If workers are notoriously irrational about the question of selling their labor, how can they be generally assumed to be rational economic actors? One possible answer would be to say that it would be rational for workers individually or in small units to act as though there is a lump of labor even though in the aggregate, it does no good. That argument would resemble the paradox of thrift, with the difference that economists down through the ages have not devoted so much energy chastising and ridiculing savers. Less charitably, it would appear that the economists' perennial attachment to the fallacy claim discloses a profound and hypocritical ambivalence – that is to say, a lack of rigorous commitment – toward their supposedly rational economic actor. They don't really mean it. Rational economic man is only rational when it suits the economists' argument.
Leaving aside the ridiculous notion of a lump of labor of fixed quantity, viewing the labor supply as a collective or common pool resource may not be all that far-fetched. In "Foundations for Environmental Political Economy," John Dryzek explored the prospects of an alternative to economic man -- a Homo ecologicus. Dryzek dismissed previous efforts at posing an ethical, environmentalist economic subject as flawed by wishful thinking and reductionism. "The ecophilosophical house is an attractive dwelling but nobody has any idea how to build it." On the contrary, "we know how to build the microeconomic house, but it is an ugly and incommodious dwelling?"
The alternative Dryzek proposed was based on his interpretation (or over-interpretation, as Dryzek confesses) of Nobel laureate Elinor Ostrom's work on Common Pool Resources. That new political economy would be one that can account for instrumental rationality – and even deploy it in its proper place – but that also can point to alternatives grounded in something firmer than wishful thinking. Those alternatives can't be entirely specified in advance because they evolve over time in response to changed circumstances. However, their general characteristics can be deduced from past experience.
Those alternatives rely not only on subjectivity but also on inter-subjectivity; that is, on communicative rationality. What distinguishes the successful case studies Ostrom documented is that "individuals repeatedly communicate and interact with one another… they can learn whom to trust, what effects their actions will have on each other and on the common pool resource, and how to organize themselves to gain benefit and avoid harm. These practices and learning constitute a kind of social capital upon which they can build institutional arrangements for resolving difficulties." People learn to act differently. They begin to behave more "straightforwardly" toward each other and less strategically.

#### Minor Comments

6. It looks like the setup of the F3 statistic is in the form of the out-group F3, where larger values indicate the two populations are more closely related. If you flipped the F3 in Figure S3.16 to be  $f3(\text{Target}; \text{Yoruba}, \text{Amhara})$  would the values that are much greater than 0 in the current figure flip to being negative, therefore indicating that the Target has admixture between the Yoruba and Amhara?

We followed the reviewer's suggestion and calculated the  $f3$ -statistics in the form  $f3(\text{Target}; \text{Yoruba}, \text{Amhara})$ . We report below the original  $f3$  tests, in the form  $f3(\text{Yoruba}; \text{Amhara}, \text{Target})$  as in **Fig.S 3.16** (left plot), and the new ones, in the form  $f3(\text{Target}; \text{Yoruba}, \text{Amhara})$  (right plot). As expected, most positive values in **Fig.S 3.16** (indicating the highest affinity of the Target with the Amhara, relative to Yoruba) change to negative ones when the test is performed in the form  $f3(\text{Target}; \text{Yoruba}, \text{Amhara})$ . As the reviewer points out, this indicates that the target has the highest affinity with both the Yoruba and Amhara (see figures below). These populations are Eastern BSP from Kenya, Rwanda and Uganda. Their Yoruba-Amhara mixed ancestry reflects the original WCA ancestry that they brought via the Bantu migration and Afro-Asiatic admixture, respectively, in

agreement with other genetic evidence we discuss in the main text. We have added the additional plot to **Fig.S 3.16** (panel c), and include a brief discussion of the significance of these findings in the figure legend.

Successful institutions of this sort rarely come into being through explicit contracts. More often they evolve through long periods of informal, collective learning about what works and what doesn't. Another approach to these institutions would involve more deliberate experimentation with institutional innovations. For such institutional reconstruction to take place, however, it is essential that participation "move beyond the narrow community of political economists and political theorists and into society at large."
One such deliberate experiment would be to retrieve a lump of labor counter-narrative, modifying the conventional myth "just a bit" – but in a way that makes "all the difference in the world." Instead of a fallacious assumption, this re-functioned lump could stand for an ethic of collective and cooperative working behavior. In this ethic, people "hold up their own end," but they also do not run out too far ahead of everybody else. They "share and share alike" the burdens, the rewards, the pain and the joy of work.
The traditional craft workers' ethic involved treating employment as something very similar to a common resource. That is to say, it included the proposition of a "lump of labor" to be divided up between the available hands. That is, not an abstractly 'fixed' amount of work, but a concretely given quantity. It follows from such an ethic that if there aren't jobs enough to go around, those who have one should share by giving up some of their hours. Whether or not that idea makes sense in terms of industrial efficiency, as an ethical proposition it is no more or less fallacious than the golden rule or the Ten Commandments. It is simply the inevitable reciprocal movement to co-operation.